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Nucleic Acids Res. 2000 Oct 15;28(20):3871-9.

Functional characterization of Ape1 variants identified in the human population.

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Molecular and Structural Biology Division, L-441, Lawrence Livermore National Laboratory, 7000 East Avenue, Livermore, CA 94551, USA.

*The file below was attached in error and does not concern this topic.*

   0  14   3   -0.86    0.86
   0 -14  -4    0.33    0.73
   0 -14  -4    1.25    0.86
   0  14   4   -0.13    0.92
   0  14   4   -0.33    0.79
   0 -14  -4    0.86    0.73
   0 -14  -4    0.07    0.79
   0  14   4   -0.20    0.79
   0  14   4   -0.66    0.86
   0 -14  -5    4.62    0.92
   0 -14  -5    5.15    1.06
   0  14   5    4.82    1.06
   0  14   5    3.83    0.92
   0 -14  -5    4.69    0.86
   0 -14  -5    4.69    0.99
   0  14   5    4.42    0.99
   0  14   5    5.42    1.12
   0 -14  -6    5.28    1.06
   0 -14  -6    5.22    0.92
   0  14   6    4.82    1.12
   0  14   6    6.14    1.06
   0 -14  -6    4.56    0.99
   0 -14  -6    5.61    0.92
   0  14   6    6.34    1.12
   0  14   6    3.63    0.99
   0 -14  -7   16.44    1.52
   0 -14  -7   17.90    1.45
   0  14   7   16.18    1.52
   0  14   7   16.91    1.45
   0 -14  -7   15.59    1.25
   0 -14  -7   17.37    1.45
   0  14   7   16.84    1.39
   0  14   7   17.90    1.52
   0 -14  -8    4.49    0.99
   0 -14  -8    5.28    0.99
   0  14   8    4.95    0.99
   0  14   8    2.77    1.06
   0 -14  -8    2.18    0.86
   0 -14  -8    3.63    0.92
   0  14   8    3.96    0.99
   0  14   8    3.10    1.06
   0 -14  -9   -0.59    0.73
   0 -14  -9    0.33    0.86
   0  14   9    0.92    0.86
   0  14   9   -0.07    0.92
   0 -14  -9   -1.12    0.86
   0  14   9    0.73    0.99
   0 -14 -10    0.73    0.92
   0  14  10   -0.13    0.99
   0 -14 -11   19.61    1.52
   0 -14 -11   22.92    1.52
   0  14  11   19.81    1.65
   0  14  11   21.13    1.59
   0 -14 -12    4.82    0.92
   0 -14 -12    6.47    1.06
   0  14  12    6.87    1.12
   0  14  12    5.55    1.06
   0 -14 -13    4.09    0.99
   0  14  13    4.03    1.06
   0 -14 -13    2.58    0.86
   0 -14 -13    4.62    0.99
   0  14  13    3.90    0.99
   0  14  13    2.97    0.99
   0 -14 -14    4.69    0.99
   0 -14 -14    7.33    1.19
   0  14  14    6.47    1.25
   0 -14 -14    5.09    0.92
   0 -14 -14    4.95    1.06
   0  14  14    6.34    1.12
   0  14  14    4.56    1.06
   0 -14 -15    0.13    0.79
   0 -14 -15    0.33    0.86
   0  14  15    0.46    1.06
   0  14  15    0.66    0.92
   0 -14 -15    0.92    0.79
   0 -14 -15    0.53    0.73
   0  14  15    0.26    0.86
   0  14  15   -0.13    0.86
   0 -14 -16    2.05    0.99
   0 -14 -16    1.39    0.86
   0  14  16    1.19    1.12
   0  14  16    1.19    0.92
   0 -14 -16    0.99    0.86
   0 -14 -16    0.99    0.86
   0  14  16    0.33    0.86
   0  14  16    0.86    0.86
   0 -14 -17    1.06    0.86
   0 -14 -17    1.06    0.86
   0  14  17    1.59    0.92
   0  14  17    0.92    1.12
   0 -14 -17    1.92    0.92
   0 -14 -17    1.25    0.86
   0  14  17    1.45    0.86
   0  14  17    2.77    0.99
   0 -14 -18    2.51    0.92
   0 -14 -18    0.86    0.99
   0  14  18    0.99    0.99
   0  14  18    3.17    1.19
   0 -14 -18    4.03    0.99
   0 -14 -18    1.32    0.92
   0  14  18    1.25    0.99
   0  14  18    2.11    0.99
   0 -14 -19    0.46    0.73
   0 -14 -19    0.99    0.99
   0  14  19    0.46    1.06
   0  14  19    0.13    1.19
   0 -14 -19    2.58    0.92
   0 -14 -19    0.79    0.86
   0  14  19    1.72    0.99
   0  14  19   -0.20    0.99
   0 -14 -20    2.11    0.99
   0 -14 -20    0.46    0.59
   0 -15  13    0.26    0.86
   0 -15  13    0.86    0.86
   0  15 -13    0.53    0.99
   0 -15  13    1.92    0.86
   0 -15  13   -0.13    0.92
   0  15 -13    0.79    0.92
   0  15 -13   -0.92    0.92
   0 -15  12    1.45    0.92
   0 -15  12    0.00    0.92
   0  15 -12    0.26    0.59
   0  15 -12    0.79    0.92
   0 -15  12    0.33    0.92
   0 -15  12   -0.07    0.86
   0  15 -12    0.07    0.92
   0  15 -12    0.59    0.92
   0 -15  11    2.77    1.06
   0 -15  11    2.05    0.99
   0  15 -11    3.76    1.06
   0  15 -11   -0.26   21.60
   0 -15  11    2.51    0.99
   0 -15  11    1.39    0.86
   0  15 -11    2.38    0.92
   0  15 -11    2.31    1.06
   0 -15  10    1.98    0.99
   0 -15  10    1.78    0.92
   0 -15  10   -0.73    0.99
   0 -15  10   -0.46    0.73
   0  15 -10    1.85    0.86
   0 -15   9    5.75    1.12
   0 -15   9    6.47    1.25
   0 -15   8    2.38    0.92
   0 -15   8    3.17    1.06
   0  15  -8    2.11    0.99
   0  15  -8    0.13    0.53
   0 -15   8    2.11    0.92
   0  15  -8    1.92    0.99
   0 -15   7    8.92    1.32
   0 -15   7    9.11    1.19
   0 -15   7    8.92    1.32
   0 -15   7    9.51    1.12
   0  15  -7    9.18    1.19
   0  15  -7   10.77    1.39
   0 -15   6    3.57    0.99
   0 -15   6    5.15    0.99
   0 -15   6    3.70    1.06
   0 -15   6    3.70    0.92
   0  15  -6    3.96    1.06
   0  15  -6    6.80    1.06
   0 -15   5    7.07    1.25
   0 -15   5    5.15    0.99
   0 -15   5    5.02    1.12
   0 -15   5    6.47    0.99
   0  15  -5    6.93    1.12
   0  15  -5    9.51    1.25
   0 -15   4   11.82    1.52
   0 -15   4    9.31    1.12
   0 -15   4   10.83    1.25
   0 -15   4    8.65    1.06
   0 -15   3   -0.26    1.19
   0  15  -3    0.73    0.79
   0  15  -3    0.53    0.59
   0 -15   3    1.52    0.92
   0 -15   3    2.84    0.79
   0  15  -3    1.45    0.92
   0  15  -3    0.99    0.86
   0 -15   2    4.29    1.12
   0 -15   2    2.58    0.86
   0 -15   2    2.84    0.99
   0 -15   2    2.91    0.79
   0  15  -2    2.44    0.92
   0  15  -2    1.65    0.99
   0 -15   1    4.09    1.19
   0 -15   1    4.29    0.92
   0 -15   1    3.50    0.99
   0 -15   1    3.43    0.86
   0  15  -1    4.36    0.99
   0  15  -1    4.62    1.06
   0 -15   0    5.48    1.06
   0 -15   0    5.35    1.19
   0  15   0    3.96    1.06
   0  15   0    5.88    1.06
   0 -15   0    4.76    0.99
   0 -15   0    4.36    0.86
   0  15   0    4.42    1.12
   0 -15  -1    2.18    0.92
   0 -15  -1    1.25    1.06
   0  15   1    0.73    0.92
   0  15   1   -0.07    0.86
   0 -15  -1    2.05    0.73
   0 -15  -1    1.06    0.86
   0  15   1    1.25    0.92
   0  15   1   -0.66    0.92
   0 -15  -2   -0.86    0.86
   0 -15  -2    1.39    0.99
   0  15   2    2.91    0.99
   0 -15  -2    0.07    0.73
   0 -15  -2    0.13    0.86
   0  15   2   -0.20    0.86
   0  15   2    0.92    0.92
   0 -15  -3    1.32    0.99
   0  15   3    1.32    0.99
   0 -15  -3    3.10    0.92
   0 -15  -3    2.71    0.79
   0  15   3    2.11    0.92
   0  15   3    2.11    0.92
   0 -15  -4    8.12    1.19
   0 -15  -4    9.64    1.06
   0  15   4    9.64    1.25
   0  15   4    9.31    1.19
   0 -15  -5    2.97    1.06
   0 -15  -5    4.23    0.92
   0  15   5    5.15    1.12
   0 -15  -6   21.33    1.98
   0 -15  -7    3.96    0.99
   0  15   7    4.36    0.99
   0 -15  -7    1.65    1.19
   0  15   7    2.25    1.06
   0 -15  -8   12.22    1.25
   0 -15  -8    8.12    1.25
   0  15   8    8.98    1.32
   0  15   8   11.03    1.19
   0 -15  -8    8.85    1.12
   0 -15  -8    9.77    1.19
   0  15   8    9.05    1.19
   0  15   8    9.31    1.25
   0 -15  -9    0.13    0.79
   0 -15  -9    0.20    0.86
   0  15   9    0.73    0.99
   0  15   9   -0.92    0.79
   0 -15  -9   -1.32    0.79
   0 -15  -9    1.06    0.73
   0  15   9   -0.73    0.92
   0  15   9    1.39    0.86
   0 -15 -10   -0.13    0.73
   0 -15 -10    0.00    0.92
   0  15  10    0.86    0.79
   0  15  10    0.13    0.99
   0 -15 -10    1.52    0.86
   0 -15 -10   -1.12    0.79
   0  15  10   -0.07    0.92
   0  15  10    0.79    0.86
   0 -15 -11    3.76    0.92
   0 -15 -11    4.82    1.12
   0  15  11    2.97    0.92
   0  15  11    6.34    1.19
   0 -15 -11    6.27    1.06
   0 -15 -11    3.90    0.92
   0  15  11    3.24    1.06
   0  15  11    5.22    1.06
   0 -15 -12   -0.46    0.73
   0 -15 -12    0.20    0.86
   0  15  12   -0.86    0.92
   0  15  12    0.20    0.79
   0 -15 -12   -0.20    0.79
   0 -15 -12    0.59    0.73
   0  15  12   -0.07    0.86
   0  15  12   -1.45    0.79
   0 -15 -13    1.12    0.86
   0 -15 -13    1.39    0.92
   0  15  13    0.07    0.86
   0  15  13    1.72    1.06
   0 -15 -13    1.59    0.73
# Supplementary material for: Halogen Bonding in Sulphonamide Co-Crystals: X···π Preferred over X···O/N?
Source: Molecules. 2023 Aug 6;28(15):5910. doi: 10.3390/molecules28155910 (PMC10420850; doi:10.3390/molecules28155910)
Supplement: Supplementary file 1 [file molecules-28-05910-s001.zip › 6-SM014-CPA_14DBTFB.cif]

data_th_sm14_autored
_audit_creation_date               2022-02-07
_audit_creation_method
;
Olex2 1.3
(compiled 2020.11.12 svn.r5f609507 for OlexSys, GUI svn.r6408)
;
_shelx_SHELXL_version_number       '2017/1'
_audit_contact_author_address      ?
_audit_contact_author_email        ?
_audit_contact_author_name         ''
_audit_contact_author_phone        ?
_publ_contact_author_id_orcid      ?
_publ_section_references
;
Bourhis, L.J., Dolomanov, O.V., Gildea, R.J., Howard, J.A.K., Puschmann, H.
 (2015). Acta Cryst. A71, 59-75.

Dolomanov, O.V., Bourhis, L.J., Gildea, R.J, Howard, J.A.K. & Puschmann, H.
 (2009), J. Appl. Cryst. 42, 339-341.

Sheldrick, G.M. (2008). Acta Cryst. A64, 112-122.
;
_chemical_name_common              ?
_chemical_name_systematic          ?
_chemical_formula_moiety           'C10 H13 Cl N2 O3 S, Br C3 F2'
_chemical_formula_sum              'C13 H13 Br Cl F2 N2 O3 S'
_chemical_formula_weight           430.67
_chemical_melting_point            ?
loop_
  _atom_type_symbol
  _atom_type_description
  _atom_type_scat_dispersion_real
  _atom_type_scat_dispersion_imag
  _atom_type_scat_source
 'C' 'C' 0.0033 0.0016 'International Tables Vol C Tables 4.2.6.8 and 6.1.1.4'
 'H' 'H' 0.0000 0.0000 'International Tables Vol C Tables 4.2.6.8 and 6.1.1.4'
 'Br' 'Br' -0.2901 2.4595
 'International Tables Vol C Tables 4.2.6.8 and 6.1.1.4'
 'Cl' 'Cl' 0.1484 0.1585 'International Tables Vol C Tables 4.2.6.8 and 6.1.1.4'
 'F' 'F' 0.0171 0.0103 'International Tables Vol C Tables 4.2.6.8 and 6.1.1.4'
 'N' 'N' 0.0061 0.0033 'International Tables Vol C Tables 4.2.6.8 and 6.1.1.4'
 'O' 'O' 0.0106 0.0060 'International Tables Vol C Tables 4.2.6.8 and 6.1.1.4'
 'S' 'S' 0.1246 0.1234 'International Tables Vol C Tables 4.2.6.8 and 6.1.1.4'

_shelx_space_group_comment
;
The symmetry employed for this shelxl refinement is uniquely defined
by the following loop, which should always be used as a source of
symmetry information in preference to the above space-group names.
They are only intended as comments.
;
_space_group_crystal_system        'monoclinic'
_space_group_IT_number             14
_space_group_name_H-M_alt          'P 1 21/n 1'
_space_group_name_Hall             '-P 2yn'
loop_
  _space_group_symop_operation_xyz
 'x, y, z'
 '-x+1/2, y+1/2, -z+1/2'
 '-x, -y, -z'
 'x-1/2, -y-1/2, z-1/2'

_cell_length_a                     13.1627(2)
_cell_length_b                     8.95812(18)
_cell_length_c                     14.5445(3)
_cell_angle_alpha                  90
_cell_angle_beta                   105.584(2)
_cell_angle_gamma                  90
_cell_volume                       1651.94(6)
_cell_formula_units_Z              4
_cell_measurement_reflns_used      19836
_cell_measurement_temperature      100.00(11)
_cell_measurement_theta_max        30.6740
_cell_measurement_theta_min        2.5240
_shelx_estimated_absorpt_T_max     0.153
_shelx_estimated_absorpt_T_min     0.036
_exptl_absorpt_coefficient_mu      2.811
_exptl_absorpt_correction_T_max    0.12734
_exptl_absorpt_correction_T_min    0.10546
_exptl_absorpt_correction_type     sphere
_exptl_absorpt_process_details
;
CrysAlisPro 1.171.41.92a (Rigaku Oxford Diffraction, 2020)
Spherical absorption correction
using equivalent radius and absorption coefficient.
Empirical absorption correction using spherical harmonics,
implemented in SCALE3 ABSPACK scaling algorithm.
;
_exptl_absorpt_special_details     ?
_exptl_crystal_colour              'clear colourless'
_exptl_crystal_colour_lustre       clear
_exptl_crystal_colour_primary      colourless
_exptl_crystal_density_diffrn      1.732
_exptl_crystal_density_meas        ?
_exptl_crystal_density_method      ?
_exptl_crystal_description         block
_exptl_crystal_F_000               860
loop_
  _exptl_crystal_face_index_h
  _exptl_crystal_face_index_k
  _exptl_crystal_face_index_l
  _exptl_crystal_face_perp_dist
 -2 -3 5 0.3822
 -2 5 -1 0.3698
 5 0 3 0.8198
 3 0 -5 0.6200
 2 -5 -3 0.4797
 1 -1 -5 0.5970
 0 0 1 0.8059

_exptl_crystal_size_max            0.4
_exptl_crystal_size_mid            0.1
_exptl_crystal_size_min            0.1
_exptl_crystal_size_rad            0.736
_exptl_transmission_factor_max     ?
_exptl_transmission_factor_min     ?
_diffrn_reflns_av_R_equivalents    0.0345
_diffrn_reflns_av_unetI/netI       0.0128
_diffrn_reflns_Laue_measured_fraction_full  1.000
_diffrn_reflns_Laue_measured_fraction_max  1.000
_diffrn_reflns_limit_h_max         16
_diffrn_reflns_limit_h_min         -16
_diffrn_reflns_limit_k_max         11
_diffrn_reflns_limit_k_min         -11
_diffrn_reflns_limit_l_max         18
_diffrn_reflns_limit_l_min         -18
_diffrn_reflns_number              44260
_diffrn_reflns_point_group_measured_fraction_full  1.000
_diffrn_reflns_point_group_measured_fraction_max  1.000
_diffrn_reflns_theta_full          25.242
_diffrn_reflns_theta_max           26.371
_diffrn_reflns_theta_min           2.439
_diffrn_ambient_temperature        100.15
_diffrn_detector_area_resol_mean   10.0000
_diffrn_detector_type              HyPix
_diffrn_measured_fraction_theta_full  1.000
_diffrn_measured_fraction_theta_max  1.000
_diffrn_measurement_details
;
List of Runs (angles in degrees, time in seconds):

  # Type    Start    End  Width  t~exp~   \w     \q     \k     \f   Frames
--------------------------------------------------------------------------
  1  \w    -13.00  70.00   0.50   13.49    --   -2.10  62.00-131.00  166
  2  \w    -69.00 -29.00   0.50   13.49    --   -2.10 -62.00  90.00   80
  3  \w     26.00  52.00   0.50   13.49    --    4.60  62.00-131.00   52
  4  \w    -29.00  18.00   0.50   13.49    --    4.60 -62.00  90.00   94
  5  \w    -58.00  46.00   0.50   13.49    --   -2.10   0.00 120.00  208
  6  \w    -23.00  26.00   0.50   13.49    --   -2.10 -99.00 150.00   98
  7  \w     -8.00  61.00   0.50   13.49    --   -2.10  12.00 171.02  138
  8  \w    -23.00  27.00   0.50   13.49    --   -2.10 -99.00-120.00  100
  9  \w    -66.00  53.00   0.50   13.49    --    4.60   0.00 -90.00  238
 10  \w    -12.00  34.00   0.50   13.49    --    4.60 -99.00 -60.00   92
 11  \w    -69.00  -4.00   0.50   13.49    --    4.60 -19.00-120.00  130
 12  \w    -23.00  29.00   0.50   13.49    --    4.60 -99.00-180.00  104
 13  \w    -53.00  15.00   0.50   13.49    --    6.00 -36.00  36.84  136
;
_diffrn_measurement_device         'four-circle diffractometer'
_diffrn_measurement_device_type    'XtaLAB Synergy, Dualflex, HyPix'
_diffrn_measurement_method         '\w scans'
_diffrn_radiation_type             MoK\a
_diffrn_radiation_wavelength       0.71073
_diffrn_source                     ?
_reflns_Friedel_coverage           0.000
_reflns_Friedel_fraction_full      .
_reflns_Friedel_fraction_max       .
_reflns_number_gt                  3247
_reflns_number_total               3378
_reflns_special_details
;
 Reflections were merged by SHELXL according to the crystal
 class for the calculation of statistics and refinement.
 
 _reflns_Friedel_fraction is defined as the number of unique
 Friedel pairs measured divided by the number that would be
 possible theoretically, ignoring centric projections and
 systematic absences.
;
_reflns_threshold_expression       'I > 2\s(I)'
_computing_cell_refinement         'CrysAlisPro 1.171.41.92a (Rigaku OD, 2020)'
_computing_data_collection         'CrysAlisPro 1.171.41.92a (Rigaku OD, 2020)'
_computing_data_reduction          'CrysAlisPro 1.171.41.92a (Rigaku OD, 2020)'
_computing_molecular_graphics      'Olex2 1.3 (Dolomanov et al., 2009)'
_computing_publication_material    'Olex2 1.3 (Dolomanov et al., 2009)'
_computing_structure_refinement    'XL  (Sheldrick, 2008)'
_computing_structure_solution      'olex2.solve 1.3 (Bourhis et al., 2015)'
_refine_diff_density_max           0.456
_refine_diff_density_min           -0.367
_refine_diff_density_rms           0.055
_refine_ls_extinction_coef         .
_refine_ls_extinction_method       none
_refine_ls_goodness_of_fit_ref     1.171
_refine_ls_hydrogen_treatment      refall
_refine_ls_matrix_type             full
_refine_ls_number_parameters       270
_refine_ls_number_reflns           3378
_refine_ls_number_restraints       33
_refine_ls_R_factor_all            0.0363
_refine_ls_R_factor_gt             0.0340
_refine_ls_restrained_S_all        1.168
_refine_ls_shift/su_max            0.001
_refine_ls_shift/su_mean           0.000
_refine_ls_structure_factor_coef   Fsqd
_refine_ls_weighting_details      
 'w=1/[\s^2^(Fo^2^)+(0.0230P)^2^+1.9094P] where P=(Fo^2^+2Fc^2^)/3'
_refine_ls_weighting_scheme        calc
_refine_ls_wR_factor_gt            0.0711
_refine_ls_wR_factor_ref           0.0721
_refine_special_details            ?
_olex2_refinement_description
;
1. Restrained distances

Apurinic/apyrimidinic (AP) sites are common mutagenic and cytotoxic DNA lesions. Ape1 is the major human repair enzyme for abasic sites and incises the phosphodiester backbone 5' to the lesion to initiate a cascade of events aimed at removing the AP moiety and maintaining genetic integrity. Through resequencing of genomic DNA from 128 unrelated individuals, and searching published reports and sequence databases, seven amino acid substitution variants were identified in the repair domain of human Ape1. Functional characterization revealed that three of the variants, L104R, E126D and R237A, exhibited approximately 40-60% reductions in specific incision activity. A fourth variant, D283G, is similar to the previously characterized mutant D283A found to exhibit approximately 10% repair capacity. The most common substitution (D148E; observed at an allele frequency of 0.38) had no impact on endonuclease and DNA binding activities, nor did a G306A substitution. A G241R variant showed slightly enhanced endonuclease activity relative to wild-type. In total, four of seven substitutions in the repair domain of Ape1 imparted reduced function. These reduced function variants may represent low penetrance human polymorphisms that associate with increased disease susceptibility.

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